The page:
This Blog Is About

This blog is about---You! Each and every post is about you. Use it to challenge your usual patterns, as a tool for self-discovery, to stimulate your thinking, to learn about yourself and to answer your questions about others.

Thursday, February 7, 2013

Your Request

 Response to Poll

There was a request from one of our readers re. the poll, expressing an interest in posts on several topics.  One was for posts about the patient-therapist relationship.  While I am holding that in mind for future writing, I just want to mention that many of the posts here do say a little about this; here are 2 examples.

 A Healing Relationship

  The Imperfect Therapist

For now, I will offer this:  My patients mean a lot to me.  I learn so much about their personal lives and their own interior experience in the course of therapy.  As I mentioned in one post, paying the level of attention that I do to a patient leads to involvement which leads to caring.  At the same time, I must maintain certain constraints.  A professional demeanor is expected and deserved by a client who comes for therapy.  The frame of the therapy provides a sense of safety and a certain predictability which allows the therapy patient to freely express themselves.  Do I think about them outside of the therapy sessions?  Of course!  Do I worry sometimes?  Yes.  Does their new learning, their insights, their making some movement toward resolution, their accessing a deeper understanding of their concerns  matter to me?  It does.  Am I happy when a client of mine reports an achievement?  I am.  If a client has to move away in the middle of treatment, do I miss them?  Yes, I do. 
 When they complete a satisfying therapy for themselves and conclude their treatment, however, I may feel a moment of sadness but mostly I am gratified; I am prepared for this and am working the whole time to help them feel more actualized in their own life and to take, eventually, a happy leave from me.  So I don't mourn a client leaving under this circumstance, I see it as a success.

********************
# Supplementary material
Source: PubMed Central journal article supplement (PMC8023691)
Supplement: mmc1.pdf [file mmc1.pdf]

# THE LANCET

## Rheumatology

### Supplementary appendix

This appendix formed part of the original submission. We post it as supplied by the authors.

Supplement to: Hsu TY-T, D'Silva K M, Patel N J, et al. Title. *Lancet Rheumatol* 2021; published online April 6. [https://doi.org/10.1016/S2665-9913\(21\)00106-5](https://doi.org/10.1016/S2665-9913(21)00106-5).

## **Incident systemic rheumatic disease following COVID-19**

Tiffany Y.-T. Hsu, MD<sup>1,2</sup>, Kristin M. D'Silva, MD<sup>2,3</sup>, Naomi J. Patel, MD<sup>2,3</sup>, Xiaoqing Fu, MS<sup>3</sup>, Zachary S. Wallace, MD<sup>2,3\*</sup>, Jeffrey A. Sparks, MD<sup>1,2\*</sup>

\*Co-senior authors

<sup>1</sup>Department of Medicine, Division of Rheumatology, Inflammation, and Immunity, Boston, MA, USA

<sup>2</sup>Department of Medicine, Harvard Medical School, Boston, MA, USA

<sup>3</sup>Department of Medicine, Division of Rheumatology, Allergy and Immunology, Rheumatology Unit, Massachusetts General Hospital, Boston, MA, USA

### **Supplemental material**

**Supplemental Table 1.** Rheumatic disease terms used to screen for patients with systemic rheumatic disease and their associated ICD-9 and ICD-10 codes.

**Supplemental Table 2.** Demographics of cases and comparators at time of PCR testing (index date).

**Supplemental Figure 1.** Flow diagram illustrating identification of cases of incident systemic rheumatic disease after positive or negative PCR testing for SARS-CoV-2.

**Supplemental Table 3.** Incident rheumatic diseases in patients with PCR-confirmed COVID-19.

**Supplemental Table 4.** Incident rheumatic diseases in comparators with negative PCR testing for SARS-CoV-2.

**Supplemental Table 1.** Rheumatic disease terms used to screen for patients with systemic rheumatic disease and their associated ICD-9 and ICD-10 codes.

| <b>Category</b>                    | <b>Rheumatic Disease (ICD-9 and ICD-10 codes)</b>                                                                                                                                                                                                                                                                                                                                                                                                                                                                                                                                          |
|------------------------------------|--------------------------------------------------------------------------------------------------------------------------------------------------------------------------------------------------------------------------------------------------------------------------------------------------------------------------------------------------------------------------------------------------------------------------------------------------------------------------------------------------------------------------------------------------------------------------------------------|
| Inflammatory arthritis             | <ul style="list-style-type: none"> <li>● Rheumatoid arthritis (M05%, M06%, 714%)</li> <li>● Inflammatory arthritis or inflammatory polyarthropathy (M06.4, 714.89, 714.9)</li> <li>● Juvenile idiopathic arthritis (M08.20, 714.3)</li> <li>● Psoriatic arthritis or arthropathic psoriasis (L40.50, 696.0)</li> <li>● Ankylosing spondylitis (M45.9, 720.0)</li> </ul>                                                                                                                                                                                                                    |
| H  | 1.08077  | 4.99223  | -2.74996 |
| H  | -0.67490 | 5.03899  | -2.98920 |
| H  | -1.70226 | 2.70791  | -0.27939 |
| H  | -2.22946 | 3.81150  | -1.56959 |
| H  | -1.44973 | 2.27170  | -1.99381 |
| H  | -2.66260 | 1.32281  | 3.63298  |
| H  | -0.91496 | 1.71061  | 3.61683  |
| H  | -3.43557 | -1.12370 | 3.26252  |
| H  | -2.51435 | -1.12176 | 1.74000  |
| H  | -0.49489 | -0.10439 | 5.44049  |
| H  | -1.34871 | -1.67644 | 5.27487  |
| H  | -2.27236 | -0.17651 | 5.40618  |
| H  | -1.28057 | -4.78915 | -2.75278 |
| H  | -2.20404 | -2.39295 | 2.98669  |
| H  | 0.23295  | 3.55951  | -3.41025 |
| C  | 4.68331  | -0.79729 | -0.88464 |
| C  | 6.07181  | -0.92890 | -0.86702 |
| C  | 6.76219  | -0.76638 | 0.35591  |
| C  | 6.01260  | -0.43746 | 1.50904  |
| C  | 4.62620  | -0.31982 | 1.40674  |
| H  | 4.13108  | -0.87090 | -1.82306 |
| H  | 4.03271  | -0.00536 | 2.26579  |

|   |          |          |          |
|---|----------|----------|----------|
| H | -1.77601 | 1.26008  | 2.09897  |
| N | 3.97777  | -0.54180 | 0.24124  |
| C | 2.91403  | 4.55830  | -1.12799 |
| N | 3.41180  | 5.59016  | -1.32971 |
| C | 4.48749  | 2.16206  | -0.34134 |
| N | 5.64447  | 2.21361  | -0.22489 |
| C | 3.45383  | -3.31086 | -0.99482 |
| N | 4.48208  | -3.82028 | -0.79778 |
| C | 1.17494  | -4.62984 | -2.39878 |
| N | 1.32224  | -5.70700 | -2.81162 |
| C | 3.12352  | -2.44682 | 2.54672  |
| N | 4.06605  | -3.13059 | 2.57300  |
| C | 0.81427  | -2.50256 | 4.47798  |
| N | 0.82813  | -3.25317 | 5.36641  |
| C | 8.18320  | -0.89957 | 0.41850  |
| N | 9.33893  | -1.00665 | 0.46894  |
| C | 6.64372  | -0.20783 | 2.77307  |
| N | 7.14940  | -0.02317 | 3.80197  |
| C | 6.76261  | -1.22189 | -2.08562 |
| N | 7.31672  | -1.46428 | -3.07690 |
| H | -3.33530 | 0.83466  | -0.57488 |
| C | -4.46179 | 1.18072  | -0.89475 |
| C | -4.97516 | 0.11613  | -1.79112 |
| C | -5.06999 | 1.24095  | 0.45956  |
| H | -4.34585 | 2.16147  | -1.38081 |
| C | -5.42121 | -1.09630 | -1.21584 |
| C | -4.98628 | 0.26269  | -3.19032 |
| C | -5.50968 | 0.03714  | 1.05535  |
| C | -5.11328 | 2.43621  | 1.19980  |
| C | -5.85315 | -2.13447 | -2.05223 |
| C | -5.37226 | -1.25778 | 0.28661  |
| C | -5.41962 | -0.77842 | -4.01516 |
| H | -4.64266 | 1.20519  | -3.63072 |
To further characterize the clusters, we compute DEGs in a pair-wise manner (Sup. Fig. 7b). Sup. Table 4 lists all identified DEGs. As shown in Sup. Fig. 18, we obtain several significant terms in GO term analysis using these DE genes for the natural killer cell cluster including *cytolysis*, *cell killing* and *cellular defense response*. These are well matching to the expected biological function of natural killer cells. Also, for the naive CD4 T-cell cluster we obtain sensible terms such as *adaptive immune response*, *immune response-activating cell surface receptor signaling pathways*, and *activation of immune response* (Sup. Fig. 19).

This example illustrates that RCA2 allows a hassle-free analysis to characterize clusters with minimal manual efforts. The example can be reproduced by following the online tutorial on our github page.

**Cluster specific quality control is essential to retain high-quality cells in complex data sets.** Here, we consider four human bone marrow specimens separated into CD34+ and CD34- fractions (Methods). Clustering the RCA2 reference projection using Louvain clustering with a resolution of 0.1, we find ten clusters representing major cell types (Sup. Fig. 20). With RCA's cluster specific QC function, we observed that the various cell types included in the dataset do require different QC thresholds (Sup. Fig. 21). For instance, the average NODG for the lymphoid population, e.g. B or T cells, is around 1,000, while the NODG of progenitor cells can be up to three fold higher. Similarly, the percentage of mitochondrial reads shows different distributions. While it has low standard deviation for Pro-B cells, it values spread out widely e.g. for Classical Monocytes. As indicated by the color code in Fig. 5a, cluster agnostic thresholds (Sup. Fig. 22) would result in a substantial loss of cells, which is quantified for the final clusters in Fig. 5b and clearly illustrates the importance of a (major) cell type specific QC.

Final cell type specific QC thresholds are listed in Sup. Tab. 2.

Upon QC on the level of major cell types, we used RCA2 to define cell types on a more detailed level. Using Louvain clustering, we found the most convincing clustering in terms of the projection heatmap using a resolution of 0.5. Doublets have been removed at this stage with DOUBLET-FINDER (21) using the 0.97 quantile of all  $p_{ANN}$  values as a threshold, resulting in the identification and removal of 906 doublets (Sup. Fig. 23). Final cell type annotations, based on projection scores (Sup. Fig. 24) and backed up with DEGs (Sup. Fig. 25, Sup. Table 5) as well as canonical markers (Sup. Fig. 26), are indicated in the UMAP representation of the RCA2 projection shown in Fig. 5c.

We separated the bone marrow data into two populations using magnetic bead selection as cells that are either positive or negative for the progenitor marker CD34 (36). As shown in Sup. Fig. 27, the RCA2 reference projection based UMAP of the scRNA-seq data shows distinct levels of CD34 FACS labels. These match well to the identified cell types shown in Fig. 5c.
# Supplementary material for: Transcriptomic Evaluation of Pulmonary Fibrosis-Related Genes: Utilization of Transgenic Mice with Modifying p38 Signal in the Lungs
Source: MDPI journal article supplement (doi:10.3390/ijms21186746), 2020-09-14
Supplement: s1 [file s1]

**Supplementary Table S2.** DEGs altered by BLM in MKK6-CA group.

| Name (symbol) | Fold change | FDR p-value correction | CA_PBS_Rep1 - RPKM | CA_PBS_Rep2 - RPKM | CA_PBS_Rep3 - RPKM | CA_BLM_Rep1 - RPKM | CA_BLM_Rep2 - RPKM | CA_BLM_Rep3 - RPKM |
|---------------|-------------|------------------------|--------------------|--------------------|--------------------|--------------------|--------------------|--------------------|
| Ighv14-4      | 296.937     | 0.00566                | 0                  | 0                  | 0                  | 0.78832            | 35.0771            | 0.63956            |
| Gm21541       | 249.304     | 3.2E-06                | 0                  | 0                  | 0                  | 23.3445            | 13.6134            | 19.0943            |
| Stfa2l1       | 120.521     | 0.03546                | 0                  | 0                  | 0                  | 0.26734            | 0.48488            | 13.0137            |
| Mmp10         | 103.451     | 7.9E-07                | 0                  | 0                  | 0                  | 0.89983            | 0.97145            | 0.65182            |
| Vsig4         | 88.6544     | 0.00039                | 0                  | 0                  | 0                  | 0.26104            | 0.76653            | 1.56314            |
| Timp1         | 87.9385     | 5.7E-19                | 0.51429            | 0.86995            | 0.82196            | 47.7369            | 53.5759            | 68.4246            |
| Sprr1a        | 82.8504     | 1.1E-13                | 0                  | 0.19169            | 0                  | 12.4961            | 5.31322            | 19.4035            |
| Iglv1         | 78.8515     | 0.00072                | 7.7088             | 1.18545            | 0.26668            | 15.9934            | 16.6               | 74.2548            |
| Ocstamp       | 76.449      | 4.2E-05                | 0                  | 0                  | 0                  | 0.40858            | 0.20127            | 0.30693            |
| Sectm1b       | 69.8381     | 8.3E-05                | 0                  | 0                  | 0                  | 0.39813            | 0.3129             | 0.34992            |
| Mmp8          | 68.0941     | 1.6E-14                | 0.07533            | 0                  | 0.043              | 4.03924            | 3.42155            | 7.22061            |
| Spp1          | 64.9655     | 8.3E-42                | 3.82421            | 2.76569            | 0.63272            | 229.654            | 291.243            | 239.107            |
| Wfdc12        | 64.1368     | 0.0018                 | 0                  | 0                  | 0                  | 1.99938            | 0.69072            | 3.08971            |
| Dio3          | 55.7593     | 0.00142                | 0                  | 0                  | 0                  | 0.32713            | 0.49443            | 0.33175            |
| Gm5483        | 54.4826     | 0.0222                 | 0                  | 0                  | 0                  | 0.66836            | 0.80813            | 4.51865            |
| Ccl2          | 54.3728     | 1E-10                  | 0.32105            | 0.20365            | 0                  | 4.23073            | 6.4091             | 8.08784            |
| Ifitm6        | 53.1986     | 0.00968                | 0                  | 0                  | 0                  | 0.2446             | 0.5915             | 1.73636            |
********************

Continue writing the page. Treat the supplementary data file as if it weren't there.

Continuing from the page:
I am one therapist.  This is how I feel.  Each therapist is different as discussed in the posts about selecting your therapist.  Some may feel as I do or, similarly.  Some may take a different view.  I know that some therapists read this blog---maybe they will comment on this part of being a therapist.

What else would you like to know when you wonder about the client therapy relationship?


  1. In your experience, how many clients go through with the ending of therapy vs. ending the relationship with a voicemail message?

  2. Hi Bama. My experience has been that most people forego this very important stage of the therapy process. A true, in-depth 'termination' process can be the most insightful, meaningful part of the experience. Yet, the majority of patients in my practice, anyway, avoid it. They take a trip and never come back. Or, they take a so-called break and never call again. There are lots of ways that this happens. I have a post which not only discusses the difficulty of good-byes but also is a complete instruction for a beginning therapist who is presented with the opportunity to take a patient through a true termination process. It's called One Door Closes, Another Opens. I can't do a link on here but it is usually on the Popular Posts list.

  3. "paying the level of attention that I do to a patient leads to involvement which leads to caring. At the same time, I must maintain certain constraints."

    I've always wondered how hard it is for a therapist to care about a client, while on the other hand, not get too invested emotionally and/or personally. To me it's almost like having to supress your feelings and emotions, which seems unhealthy. This is my biggest fear for my future career as a counselor. I was a client from Feb 2012-Dec 2012, and my feelings were always in overdrive around my therapist, so I'm hoping that being on the opposite side of the relationship is not so intense :)

  4. Dear Bama Psych, It is hard to maintain this balance. It isn't easy to be a therapist, although often an experienced therapist will make it look easy. This part of the post that you have highlighted is a very important point-at the same time a difficult question to answer. I have been thinking long and hard about it and may do a full post on it sometime. How therapists do this is about their own boundaries and about discipline. A therapist, no matter how relaxed they may look, is always on conscious alert re. what they say and do when in a session with a patient. Upon reflecting on this question, I can see that I have become much better at this as time has gone on. As a beginning therapist I was not able to hold onto my heart, especially when it came to children. But now I know what my role is in my patient's life. The other side of the balance is that, in my view, the caring is just as important as the honoring of limits. It must matter to the therapist how the patient feels, how they are doing, what's happening in their life---I don't see how they can help without that.